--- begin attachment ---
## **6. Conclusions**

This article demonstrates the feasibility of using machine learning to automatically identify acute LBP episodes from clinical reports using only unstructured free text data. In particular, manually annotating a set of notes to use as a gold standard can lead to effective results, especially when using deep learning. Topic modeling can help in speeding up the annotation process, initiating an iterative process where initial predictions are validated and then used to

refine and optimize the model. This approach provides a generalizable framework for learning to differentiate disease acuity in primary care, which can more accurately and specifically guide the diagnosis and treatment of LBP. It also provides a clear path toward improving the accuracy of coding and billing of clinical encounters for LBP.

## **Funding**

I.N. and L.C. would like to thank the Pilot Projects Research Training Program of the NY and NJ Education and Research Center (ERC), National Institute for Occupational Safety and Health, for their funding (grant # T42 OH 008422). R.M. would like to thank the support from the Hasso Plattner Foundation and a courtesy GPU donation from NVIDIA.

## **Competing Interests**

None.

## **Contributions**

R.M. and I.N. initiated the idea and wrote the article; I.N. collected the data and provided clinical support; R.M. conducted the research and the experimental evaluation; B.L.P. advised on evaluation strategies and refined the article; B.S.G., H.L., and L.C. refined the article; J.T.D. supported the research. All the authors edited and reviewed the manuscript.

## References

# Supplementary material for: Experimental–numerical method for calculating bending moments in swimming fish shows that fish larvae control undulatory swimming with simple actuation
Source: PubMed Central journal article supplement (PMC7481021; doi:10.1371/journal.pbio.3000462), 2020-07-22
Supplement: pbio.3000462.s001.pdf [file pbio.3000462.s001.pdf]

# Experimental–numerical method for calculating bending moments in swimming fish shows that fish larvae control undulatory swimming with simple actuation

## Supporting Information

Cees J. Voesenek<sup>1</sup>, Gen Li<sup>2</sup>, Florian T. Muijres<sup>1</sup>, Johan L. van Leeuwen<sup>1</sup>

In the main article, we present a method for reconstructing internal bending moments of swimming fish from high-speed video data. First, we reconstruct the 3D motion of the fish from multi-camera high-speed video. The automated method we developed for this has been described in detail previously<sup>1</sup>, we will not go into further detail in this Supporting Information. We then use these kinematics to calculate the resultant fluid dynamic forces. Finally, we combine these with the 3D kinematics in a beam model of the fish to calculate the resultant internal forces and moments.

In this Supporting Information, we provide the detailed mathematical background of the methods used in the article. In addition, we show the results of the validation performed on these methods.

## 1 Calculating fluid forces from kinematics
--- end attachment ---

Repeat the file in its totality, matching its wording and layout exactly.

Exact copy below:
## **6. Conclusions**

This article demonstrates the feasibility of using machine learning to automatically identify acute LBP episodes from clinical reports using only unstructured free text data. In particular, manually annotating a set of notes to use as a gold standard can lead to effective results, especially when using deep learning. Topic modeling can help in speeding up the annotation process, initiating an iterative process where initial predictions are validated and then used to

refine and optimize the model. This approach provides a generalizable framework for learning to differentiate disease acuity in primary care, which can more accurately and specifically guide the diagnosis and treatment of LBP. It also provides a clear path toward improving the accuracy of coding and billing of clinical encounters for LBP.

## **Funding**

I.N. and L.C. would like to thank the Pilot Projects Research Training Program of the NY and NJ Education and Research Center (ERC), National Institute for Occupational Safety and Health, for their funding (grant # T42 OH 008422). R.M. would like to thank the support from the Hasso Plattner Foundation and a courtesy GPU donation from NVIDIA.

## **Competing Interests**

None.

## **Contributions**

R.M. and I.N. initiated the idea and wrote the article; I.N. collected the data and provided clinical support; R.M. conducted the research and the experimental evaluation; B.L.P. advised on evaluation strategies and refined the article; B.S.G., H.L., and L.C. refined the article; J.T.D. supported the research. All the authors edited and reviewed the manuscript.

## References

# Supplementary material for: Experimental–numerical method for calculating bending moments in swimming fish shows that fish larvae control undulatory swimming with simple actuation
Source: PubMed Central journal article supplement (PMC7481021; doi:10.1371/journal.pbio.3000462), 2020-07-22
Supplement: pbio.3000462.s001.pdf [file pbio.3000462.s001.pdf]

# Experimental–numerical method for calculating bending moments in swimming fish shows that fish larvae control undulatory swimming with simple actuation

## Supporting Information

Cees J. Voesenek<sup>1</sup>, Gen Li<sup>2</sup>, Florian T. Muijres<sup>1</sup>, Johan L. van Leeuwen<sup>1</sup>

In the main article, we present a method for reconstructing internal bending moments of swimming fish from high-speed video data. First, we reconstruct the 3D motion of the fish from multi-camera high-speed video. The automated method we developed for this has been described in detail previously<sup>1</sup>, we will not go into further detail in this Supporting Information. We then use these kinematics to calculate the resultant fluid dynamic forces. Finally, we combine these with the 3D kinematics in a beam model of the fish to calculate the resultant internal forces and moments.

In this Supporting Information, we provide the detailed mathematical background of the methods used in the article. In addition, we show the results of the validation performed on these methods.

## 1 Calculating fluid forces from kinematics